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  • The Ageing User Authentication Paradigm

    Prateek Rungta

    Aarron Walter over at MailChimp has a good assessment of the Twitter, Facebook et al., login buttons that have become common all over the web. He makes a convincing argument that these social login buttons do more harm than good. But if we take a step back, there is a more interesting story to explore in there.

    From April 12 to May 12, 2012, we had 340,591 failed login attempts. That’s the total number of times someone tried to get into MailChimp to get their work done and couldn’t remember their username and/​or password, or simply mistyped. Think of how much wasted time and frustration that translates to.

    The reason MailChimp turned towards third party OAuth solutions in the first place was to reduce the high number of login failures. While they’ve had some success in reducing this failure rate (attributed to better copy and improved error handling), the number of failures remain high enough to be a cause for concern. And MailChimp is hardly alone in this regard.

    The traditional username + password based authentication paradigm has served us well over the years. It is almost second nature to any seasoned web user today. In fact, it is so widespread that you need not be an expert to realise the terrible experience or flimsy security it provides.

    Of the people who struggled logging in, 68,145 had to resort to resetting their password, and 38,137 had to get a reminder about their username.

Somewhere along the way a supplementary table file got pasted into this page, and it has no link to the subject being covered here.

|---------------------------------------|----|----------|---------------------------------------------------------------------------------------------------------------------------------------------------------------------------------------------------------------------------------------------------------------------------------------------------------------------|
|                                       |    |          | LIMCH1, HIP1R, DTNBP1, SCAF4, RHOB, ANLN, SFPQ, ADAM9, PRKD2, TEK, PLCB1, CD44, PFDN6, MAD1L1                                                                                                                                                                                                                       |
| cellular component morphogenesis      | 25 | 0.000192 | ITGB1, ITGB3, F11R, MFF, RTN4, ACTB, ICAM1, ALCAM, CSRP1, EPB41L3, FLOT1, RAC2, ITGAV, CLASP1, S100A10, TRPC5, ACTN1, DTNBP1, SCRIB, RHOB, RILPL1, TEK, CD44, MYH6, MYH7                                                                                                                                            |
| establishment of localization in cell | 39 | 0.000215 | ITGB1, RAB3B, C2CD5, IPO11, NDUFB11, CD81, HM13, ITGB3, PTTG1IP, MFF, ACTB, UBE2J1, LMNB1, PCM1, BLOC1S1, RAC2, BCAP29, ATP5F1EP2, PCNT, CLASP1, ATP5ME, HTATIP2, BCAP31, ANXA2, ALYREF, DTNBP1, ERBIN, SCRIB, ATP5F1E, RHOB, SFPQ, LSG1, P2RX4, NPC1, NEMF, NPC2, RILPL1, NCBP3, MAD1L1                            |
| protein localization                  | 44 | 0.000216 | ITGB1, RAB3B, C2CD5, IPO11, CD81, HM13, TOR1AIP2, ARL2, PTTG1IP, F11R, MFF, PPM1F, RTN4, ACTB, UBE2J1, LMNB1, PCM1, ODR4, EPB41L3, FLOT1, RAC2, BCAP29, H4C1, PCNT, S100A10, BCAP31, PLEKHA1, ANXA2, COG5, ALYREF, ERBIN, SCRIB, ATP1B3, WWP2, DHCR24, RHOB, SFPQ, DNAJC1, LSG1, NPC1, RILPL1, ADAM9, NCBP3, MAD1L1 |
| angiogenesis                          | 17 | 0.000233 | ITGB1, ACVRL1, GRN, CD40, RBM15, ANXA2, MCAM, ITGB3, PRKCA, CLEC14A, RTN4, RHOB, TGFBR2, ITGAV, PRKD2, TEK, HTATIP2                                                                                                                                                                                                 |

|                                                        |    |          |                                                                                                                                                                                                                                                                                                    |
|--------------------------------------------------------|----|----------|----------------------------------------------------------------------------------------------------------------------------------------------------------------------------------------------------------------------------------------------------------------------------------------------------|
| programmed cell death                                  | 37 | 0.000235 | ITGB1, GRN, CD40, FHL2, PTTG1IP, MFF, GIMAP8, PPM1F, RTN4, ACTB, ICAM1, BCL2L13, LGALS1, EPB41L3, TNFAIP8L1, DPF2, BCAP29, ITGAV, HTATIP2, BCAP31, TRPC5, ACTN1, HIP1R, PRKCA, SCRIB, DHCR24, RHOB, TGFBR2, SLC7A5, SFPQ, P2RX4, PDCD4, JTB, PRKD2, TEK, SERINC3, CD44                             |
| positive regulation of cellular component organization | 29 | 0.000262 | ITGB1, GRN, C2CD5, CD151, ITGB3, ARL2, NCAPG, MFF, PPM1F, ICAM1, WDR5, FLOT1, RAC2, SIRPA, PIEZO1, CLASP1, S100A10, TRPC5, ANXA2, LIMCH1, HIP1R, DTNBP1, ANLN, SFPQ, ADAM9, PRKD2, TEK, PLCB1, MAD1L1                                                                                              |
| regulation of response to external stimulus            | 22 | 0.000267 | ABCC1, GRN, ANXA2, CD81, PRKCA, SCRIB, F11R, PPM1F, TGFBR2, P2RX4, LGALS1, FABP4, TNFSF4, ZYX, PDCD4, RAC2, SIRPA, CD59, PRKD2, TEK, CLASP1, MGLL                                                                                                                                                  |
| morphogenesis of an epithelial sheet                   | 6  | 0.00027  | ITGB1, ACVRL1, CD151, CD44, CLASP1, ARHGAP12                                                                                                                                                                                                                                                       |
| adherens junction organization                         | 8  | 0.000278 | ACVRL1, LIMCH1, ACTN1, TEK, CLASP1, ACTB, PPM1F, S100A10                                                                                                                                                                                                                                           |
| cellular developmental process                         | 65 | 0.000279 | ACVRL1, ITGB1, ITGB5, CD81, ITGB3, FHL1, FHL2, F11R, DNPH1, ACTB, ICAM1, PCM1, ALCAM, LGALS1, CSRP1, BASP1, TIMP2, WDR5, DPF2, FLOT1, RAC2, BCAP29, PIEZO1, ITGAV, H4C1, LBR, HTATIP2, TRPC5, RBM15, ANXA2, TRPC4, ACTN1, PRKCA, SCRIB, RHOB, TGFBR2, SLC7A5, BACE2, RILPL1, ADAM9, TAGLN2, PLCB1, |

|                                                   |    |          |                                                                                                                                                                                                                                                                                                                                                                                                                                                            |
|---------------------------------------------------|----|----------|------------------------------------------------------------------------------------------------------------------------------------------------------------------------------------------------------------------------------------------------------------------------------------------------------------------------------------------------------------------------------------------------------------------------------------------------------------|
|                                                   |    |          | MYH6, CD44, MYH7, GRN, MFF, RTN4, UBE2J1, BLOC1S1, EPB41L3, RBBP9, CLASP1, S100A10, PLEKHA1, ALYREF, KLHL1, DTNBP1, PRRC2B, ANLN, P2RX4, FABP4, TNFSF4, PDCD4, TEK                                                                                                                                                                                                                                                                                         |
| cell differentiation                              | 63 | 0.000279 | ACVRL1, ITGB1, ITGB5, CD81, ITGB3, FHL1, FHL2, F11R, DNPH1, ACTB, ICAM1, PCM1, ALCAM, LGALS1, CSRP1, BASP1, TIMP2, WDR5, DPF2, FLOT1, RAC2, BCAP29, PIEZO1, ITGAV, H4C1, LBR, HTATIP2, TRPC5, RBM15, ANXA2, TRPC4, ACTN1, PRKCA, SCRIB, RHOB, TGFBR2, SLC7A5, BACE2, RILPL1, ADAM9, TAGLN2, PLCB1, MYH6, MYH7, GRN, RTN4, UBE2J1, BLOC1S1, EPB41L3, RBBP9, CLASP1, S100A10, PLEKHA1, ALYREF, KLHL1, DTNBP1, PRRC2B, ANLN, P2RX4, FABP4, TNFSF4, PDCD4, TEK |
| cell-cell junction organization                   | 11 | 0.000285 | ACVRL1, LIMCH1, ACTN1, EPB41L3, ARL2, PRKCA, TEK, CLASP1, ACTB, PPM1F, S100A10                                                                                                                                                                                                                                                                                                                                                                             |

The need to come up with memorable credentials, to make passwords cryptic, keep them confidential at all times, not see what you’re typing, to remember the correct combination of the different services, usernames and passwords (and at times password recovery answers) you’ve created, easily stolen identities, increasing susceptibility to brute force attacks, and above all the general inconvenience of getting to your data.

    None of this is a revelation. Designers and engineers have long been aware of this less-than-stellar situation and various efforts to address the same have been made over the years. Incremental usability improvements like not asking people to re-type passwords during sign-up, letting people see what they type, using email addresses for usernames etc. have definitely helped. As have efforts to fundamentally replace the username + password auth system, such as OpenId, OAuth and the likes.

    Unfortunately, none of the replacements have been as successful as the system they were trying to replace. Yet the need for a replacement is more dire than ever. More people are using the web and putting their information online than ever before and our existing authentication process is intrusive, inconvenient, and not entirely secure. There are encouraging developments like Mozilla’s Persona (née BrowserID) and the push for no passwords’, but it is early days still and the ground is very much open for a sweeping change.

  • Coming Soon

    Souvik Das Gupta

    Watch this space for our upcoming blog post!

    Imagine for a second that this post had ended with just that one line. After making an effort to reach this blog, how would you have felt?

    If I were to guess, it would’ve been one of the following:

    • The post isn’t even out. Pointless!
    • What a waste of a visit!
    • Crap! Made a fool of myself by following a worthless link.
    • Dickheads!